Here's how I linked them, in a post to Synergeo (#40427), subsequent to a fine Wanderers meeting, full of lightning talks, Thai food after (hyperlinks added):
The whole 4 page article is there too, just finished reading it, by Elizabeth Kolbert, a talented and eclectic writer (was just checking into some of the other stuff she's written, like on CCD, some "disorder" that makes bees not respond well to major changes in their environment (like, let's blame the bees, make it be their problem)).
The missing thread in this account is how his back to the drawing board near suicide experience led to vows about doing one's own thinking and starting up with this deliberately remote vocabulary and way of thinking, the word "Dymaxion" just a superficial aspect of this somewhat crazy-making language reinvention project.
But whereas postmortems focus on all the "failures", how many men both wrote great philosophy and scored all these engineering breakthroughs? Is that because he knew how to "think different" (recalling Apple's marketing campaign)? Could be. Just maybe.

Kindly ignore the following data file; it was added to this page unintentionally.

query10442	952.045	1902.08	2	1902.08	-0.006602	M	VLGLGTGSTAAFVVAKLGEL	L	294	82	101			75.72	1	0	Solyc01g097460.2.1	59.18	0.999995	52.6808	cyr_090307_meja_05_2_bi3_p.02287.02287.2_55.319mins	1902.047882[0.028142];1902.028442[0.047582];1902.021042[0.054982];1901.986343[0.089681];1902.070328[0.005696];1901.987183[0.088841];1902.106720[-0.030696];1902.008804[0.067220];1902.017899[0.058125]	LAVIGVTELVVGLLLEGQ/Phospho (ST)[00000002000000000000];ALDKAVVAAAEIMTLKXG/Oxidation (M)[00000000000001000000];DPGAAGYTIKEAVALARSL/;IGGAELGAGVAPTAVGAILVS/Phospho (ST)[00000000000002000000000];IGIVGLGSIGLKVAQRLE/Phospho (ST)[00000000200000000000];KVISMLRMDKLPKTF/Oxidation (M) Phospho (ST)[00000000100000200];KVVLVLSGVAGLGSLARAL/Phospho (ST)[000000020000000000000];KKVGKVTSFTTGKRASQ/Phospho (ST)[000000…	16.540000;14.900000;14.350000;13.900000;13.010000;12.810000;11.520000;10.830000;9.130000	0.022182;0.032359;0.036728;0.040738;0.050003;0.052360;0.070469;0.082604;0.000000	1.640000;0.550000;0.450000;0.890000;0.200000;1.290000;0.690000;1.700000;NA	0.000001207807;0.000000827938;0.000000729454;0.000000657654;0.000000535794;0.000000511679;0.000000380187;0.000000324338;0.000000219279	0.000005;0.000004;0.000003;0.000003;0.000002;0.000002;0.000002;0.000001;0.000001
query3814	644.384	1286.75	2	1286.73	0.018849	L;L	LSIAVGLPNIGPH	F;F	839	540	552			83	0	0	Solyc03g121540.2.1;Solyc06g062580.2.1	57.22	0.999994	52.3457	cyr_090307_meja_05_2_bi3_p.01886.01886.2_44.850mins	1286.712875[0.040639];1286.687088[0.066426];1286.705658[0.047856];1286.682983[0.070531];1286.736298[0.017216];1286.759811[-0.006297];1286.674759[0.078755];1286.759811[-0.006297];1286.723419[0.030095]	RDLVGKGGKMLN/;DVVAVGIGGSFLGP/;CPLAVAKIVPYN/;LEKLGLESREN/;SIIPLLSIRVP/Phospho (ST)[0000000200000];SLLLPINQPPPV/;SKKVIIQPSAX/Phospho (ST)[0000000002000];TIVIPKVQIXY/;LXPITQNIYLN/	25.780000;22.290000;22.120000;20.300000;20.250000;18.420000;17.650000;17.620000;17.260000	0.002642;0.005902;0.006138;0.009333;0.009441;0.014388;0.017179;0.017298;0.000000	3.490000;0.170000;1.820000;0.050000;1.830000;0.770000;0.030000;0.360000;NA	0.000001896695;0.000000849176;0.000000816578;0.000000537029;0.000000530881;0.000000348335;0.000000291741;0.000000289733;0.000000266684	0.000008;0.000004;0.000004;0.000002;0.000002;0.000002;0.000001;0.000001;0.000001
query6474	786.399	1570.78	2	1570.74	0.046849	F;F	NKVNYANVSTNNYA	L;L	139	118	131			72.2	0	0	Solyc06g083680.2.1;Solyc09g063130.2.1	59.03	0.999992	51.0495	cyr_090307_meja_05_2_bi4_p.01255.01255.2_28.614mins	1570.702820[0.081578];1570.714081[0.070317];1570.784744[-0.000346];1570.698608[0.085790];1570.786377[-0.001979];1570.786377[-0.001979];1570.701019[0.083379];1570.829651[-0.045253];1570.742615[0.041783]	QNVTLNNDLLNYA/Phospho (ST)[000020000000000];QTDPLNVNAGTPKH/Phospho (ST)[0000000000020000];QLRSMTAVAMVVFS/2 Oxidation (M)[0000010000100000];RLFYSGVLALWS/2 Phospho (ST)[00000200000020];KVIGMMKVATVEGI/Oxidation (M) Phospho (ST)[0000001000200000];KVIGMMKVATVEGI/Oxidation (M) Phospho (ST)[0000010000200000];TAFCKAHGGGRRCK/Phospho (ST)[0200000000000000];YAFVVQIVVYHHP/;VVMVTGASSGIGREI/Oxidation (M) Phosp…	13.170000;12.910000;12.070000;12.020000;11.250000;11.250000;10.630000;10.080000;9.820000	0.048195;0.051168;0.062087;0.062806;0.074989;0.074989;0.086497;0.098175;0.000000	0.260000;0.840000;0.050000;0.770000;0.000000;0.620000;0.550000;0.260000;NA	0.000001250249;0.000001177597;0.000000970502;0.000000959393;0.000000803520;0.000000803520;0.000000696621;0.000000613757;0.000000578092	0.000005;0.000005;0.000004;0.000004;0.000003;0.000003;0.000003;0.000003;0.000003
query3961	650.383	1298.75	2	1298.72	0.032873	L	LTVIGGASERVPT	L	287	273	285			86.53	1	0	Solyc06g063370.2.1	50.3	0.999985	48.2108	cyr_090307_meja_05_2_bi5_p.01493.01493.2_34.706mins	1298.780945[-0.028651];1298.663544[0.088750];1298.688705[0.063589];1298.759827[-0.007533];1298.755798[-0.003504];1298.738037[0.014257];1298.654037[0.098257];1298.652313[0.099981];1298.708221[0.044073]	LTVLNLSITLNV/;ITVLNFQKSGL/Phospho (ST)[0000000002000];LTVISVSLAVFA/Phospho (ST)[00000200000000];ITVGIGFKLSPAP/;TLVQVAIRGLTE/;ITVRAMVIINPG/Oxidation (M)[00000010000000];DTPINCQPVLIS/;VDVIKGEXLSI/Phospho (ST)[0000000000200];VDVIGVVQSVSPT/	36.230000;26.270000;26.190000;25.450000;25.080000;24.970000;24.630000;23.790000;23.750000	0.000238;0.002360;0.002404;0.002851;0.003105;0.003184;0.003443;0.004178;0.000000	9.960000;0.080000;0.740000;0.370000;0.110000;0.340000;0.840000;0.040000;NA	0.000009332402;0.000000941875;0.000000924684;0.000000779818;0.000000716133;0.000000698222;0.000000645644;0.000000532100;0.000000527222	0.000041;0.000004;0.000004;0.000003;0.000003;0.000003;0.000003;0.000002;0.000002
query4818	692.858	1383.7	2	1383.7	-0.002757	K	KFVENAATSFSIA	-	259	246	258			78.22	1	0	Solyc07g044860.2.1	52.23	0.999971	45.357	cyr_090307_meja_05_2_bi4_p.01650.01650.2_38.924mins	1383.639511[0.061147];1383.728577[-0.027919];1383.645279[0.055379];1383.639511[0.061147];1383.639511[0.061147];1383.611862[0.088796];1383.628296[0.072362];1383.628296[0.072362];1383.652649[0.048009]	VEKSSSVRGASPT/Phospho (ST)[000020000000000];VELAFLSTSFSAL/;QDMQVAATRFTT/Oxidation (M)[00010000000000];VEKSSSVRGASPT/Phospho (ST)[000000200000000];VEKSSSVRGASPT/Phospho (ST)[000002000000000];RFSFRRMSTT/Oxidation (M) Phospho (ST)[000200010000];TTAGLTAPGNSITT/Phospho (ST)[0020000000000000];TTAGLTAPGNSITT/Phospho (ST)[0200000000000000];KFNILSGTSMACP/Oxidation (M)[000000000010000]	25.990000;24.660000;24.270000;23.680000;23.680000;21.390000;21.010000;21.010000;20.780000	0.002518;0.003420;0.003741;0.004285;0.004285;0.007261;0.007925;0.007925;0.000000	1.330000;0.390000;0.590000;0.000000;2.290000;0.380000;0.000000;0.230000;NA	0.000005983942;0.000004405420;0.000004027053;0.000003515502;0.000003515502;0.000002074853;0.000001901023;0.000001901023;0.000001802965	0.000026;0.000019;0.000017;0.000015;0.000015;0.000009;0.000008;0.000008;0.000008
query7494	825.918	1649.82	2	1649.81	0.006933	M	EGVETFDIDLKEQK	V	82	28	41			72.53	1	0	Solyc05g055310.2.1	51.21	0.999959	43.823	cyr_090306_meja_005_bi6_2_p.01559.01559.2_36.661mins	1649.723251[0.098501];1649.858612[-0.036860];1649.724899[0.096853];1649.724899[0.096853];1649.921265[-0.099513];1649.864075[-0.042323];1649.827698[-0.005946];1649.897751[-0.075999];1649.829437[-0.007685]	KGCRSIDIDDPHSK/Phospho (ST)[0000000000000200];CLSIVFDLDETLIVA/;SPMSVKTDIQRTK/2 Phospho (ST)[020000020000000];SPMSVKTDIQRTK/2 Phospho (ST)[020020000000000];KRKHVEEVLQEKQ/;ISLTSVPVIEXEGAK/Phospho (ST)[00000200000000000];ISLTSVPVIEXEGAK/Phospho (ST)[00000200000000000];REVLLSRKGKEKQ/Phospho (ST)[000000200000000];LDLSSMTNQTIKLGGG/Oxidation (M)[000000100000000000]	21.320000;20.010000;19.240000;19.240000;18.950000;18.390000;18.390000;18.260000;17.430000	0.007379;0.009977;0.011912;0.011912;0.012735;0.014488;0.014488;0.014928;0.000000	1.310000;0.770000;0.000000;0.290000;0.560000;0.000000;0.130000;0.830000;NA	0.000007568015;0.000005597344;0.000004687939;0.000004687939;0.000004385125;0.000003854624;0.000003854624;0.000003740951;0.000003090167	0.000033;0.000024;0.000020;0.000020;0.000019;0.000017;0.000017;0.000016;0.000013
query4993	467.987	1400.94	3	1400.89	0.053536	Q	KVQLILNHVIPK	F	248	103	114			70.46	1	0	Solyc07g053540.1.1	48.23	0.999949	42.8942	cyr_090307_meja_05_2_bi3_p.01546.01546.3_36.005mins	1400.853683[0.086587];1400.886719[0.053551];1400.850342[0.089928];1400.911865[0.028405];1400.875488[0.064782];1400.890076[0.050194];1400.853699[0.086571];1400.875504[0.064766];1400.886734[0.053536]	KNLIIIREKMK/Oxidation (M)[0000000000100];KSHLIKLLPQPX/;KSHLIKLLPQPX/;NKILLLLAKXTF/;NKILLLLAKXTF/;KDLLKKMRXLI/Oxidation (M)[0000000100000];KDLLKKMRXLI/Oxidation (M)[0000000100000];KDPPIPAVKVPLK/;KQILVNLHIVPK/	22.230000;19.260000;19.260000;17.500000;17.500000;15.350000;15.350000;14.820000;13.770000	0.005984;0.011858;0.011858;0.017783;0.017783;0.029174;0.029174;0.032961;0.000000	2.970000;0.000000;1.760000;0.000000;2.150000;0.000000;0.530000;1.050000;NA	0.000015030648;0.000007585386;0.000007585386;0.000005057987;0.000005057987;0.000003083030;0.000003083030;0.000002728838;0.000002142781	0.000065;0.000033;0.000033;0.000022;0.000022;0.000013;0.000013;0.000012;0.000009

Also, people make far too much of Brand's damning the dome. They don't all leak, lots of expensive radars entrusted to these skeletons. Yes, some domestic custom builds had problems, but here I think J. Baldwin tells the better story, about smuggling still unverified numbers out of Joe Clinton's lab. Some of the tables in Dome Handbook had significant errors, hence the propensity to leak. Of course there are other reasons some domes lack integrity, but is the goal to be boring, or to tell a good story?
Mostly I think North Americans squander their opportunities to tell good stories around Bucky. It's all about what a big failure he was, whereas he got to be good friends with some of the most interesting and engaging folks on the planet, Marshall McLuhan for example, very generous in crediting Bucky for his ideas. Arthur C. Clarke, Werner Erhard... what a trip! Not my idea of a "failure story" no matter what these cold case autopsies show.
On the other hand, I appreciated the light touch, the humor, the fact that we're not doing hagiography here (Applewhite never liked that genre much).
On balance, I'm happy to see something in the pages of The New Yorker, giving analysts a reality check on where we're at in some circles, when it comes to party talk, even pillow talk ("did you remember to empty the drips bucket dear?").
Good to see what people are thinking, a whole quarter century after his passing, to sample some Talk About Town in some towns. Also, given our Keep Portland Weird campaign (in tandem with Austin's), I'm happy with the "Weird Science" moniker -- definitely something we can work with. So thank you Elizabeth, for the kind and welcome boost.